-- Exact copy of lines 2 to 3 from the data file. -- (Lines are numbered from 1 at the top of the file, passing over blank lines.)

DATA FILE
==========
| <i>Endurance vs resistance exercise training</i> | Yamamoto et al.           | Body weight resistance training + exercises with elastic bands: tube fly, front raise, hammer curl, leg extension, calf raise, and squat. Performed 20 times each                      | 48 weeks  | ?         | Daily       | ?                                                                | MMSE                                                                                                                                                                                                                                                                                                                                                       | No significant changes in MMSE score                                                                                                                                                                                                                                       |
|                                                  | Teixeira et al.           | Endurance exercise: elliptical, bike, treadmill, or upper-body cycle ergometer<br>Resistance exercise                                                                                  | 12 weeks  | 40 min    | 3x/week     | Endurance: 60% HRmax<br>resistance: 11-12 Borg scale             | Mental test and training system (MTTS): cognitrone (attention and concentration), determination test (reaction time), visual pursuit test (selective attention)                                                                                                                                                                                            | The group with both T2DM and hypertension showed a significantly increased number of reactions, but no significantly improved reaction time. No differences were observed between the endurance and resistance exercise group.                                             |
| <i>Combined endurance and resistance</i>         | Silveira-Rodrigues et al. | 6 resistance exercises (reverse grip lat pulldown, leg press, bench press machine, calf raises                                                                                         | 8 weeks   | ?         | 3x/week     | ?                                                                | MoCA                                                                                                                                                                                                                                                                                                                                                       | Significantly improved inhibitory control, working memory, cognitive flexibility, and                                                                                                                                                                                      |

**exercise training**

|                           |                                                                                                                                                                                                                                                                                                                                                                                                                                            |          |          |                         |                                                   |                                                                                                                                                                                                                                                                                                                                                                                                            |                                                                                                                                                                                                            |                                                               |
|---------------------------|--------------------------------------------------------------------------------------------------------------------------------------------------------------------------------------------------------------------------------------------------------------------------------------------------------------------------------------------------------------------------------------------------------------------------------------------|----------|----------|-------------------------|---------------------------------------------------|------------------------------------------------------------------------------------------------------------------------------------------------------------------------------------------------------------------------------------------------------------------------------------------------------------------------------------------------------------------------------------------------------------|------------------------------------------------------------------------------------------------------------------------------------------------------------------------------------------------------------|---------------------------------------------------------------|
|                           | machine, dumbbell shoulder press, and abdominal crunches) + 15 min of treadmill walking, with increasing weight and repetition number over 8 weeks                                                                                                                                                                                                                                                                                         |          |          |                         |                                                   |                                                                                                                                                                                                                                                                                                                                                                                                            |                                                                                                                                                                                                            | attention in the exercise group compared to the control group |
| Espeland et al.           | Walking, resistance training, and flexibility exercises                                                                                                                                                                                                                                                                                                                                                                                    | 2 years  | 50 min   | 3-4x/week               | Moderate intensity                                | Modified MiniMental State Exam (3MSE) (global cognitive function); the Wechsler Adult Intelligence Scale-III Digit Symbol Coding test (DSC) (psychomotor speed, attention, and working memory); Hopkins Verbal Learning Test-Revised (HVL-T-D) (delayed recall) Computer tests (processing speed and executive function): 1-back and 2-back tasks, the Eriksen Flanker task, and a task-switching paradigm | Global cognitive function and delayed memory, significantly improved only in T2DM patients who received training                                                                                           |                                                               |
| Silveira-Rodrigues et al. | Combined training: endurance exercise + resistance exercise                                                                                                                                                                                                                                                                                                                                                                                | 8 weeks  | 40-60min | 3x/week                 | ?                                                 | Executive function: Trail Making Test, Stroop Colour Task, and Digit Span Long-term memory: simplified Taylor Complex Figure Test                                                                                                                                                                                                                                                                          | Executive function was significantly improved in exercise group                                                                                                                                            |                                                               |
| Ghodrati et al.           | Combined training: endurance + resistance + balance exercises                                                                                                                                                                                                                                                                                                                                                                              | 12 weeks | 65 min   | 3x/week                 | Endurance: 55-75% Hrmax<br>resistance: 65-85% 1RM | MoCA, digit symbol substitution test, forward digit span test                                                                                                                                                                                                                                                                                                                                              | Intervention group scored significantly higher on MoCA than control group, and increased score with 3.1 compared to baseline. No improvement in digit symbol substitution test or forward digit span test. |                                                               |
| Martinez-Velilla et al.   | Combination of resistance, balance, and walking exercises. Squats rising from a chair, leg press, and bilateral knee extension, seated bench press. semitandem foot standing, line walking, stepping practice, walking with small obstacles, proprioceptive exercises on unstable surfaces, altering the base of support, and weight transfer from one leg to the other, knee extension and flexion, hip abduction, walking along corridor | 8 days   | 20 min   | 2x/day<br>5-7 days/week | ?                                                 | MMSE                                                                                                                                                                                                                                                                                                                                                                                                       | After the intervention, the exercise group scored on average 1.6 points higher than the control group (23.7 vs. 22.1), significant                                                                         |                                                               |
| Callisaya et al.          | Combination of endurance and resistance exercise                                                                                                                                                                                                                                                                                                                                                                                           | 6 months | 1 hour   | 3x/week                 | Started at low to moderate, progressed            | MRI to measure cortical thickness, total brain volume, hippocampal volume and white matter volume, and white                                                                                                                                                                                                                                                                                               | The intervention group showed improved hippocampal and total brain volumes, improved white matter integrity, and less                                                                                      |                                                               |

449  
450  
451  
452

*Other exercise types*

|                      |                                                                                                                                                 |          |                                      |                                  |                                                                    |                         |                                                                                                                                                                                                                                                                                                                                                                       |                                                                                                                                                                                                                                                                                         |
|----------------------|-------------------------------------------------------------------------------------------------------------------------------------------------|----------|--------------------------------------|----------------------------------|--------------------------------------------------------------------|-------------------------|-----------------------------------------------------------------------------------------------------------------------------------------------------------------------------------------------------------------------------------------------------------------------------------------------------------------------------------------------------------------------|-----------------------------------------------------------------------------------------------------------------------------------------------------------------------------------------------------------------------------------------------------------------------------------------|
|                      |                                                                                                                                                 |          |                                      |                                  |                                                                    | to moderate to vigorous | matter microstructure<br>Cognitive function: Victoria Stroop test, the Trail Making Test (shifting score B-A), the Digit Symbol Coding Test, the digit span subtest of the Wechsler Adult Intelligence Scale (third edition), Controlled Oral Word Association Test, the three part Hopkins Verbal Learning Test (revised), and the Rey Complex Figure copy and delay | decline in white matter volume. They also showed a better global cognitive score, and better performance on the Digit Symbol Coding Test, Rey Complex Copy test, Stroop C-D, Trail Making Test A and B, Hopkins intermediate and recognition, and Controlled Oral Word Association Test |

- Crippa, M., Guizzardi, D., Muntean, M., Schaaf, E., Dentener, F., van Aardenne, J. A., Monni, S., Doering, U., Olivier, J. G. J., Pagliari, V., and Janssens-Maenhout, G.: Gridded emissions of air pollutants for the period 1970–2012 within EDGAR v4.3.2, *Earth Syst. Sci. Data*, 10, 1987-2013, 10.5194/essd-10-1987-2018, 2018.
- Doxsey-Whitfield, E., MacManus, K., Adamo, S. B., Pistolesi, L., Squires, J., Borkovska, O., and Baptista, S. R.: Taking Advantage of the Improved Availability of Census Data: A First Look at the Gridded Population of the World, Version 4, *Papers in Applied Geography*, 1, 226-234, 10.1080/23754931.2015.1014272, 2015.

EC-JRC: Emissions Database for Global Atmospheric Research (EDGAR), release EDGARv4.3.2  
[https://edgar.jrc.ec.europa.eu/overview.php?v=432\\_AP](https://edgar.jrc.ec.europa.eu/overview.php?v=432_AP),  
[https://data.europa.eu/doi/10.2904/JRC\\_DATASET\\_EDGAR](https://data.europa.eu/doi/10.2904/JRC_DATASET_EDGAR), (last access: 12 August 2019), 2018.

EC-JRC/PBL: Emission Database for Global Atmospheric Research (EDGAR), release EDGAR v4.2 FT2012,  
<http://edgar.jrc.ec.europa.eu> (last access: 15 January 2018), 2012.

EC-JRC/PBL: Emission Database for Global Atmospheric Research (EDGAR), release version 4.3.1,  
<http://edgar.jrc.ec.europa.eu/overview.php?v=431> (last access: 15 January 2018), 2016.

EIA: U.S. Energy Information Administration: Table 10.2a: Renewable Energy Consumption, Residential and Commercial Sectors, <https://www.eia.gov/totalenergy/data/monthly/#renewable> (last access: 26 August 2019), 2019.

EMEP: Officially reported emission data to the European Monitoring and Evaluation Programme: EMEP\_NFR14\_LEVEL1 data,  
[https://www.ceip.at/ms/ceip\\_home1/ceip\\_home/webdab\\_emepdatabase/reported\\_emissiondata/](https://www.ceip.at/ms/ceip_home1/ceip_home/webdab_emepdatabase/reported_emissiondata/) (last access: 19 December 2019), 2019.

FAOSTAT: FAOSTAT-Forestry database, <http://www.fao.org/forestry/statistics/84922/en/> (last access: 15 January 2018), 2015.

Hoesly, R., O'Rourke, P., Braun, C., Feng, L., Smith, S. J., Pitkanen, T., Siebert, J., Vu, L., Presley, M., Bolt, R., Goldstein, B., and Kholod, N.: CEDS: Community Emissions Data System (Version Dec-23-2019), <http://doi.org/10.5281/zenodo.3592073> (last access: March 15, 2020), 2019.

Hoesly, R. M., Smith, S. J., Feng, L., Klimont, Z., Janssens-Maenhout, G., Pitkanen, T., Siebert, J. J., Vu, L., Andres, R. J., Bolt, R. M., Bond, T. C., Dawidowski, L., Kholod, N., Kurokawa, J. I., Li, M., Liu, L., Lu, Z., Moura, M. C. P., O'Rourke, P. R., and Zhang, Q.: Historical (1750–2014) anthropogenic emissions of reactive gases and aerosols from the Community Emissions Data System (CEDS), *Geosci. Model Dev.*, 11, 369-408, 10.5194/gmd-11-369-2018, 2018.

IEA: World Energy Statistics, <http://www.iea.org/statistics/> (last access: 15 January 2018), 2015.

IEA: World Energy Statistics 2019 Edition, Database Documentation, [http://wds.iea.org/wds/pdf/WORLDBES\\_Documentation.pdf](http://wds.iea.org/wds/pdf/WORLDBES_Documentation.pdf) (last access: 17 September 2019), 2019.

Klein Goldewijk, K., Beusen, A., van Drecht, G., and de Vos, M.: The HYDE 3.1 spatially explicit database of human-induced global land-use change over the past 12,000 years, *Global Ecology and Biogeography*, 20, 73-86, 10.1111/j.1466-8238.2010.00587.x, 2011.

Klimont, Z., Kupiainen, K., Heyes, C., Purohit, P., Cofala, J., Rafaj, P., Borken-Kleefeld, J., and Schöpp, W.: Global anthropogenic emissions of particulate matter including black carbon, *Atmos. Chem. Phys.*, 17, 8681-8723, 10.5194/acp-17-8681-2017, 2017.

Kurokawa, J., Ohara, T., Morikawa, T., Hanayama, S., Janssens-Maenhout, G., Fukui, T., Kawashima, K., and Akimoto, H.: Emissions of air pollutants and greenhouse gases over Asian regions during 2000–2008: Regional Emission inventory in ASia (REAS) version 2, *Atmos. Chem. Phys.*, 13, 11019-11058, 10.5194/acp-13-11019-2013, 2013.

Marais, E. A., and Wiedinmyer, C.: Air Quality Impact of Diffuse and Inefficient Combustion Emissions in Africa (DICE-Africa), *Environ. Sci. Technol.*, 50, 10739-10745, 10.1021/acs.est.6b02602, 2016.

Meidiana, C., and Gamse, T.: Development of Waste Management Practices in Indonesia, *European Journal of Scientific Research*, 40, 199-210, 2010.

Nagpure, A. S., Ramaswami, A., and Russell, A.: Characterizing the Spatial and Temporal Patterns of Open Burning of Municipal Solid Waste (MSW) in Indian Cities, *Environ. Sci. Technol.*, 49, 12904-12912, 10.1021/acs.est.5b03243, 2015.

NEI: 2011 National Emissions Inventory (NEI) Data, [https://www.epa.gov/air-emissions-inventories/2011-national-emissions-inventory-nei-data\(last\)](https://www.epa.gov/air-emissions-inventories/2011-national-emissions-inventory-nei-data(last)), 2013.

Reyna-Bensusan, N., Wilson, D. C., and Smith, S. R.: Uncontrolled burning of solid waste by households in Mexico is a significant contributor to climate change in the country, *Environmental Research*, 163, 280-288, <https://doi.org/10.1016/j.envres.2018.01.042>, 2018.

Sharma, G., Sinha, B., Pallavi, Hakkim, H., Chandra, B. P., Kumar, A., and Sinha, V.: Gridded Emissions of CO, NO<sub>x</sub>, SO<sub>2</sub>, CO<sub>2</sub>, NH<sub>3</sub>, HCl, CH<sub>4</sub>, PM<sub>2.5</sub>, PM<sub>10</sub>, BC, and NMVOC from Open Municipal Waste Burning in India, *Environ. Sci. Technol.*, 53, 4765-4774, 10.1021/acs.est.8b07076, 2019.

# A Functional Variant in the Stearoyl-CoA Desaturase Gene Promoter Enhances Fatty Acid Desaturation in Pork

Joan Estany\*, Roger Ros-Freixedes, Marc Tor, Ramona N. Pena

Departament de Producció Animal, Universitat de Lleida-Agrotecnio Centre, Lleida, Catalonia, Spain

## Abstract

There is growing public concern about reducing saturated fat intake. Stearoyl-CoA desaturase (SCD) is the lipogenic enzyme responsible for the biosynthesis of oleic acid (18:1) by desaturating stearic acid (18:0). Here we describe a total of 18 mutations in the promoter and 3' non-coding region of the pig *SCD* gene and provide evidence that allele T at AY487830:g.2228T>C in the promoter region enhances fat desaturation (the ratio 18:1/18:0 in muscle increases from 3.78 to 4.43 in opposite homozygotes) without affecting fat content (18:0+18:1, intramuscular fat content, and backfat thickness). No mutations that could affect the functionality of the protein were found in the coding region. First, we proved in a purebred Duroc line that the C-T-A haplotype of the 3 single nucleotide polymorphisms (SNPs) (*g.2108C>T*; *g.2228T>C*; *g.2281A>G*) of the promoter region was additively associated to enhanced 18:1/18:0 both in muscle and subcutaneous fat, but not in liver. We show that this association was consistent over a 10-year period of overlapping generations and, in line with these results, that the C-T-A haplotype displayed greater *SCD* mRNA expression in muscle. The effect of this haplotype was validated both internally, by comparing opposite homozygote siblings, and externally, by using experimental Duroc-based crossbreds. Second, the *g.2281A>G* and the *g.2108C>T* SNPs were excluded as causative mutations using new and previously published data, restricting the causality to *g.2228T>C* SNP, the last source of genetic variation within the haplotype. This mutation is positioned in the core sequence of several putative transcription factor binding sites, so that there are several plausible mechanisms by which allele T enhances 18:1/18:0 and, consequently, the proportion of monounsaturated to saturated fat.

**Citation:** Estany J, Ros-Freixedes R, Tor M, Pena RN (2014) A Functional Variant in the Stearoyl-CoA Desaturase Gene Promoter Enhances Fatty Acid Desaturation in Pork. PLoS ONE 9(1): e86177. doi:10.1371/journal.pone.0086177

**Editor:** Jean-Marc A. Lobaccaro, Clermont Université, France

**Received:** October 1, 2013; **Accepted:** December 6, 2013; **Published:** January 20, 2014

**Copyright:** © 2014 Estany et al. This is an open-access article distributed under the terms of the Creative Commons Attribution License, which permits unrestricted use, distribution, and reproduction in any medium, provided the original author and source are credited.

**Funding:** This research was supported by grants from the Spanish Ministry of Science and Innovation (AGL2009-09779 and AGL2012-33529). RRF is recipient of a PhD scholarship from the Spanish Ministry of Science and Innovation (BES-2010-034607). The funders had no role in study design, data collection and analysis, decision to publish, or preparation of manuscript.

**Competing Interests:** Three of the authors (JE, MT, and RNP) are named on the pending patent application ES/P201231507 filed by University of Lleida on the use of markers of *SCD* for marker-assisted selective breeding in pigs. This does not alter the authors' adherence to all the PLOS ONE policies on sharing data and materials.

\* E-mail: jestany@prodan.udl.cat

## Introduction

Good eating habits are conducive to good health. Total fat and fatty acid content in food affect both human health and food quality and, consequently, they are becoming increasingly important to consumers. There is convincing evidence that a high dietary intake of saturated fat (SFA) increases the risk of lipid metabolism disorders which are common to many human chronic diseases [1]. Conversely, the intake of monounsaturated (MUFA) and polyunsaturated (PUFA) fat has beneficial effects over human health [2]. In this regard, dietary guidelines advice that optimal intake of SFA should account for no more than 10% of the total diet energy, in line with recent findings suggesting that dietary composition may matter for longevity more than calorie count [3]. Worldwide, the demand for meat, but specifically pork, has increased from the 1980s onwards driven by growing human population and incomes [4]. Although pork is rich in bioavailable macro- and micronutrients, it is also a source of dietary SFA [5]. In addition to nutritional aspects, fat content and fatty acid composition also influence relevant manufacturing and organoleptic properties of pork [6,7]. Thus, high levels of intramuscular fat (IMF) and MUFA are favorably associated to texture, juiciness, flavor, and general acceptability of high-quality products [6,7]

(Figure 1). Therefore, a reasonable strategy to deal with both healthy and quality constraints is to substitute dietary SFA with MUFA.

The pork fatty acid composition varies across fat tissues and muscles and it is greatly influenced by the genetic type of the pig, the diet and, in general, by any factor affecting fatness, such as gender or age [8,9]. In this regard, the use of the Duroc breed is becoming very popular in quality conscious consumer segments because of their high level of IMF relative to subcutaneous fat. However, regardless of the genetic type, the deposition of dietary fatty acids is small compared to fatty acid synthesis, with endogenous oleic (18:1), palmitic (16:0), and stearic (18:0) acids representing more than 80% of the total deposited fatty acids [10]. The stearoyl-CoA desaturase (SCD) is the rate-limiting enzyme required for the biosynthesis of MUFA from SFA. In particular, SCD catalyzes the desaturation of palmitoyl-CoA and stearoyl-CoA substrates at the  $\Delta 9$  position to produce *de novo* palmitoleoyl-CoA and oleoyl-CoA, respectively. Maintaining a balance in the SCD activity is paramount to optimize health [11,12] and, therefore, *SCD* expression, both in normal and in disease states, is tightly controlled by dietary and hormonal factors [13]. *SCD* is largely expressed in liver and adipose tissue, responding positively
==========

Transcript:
|                                                  | Teixeira et al.           | Endurance exercise: elliptical, bike, treadmill, or upper-body cycle ergometer<br>Resistance exercise                                                                                  | 12 weeks  | 40 min    | 3x/week     | Endurance: 60% HRmax<br>resistance: 11-12 Borg scale             | Mental test and training system (MTTS): cognitrone (attention and concentration), determination test (reaction time), visual pursuit test (selective attention)                                                                                                                                                                                            | The group with both T2DM and hypertension showed a significantly increased number of reactions, but no significantly improved reaction time. No differences were observed between the endurance and resistance exercise group.                                             |
| <i>Combined endurance and resistance</i>         | Silveira-Rodrigues et al. | 6 resistance exercises (reverse grip lat pulldown, leg press, bench press machine, calf raises                                                                                         | 8 weeks   | ?         | 3x/week     | ?                                                                | MoCA                                                                                                                                                                                                                                                                                                                                                       | Significantly improved inhibitory control, working memory, cognitive flexibility, and                                                                                                                                                                                      |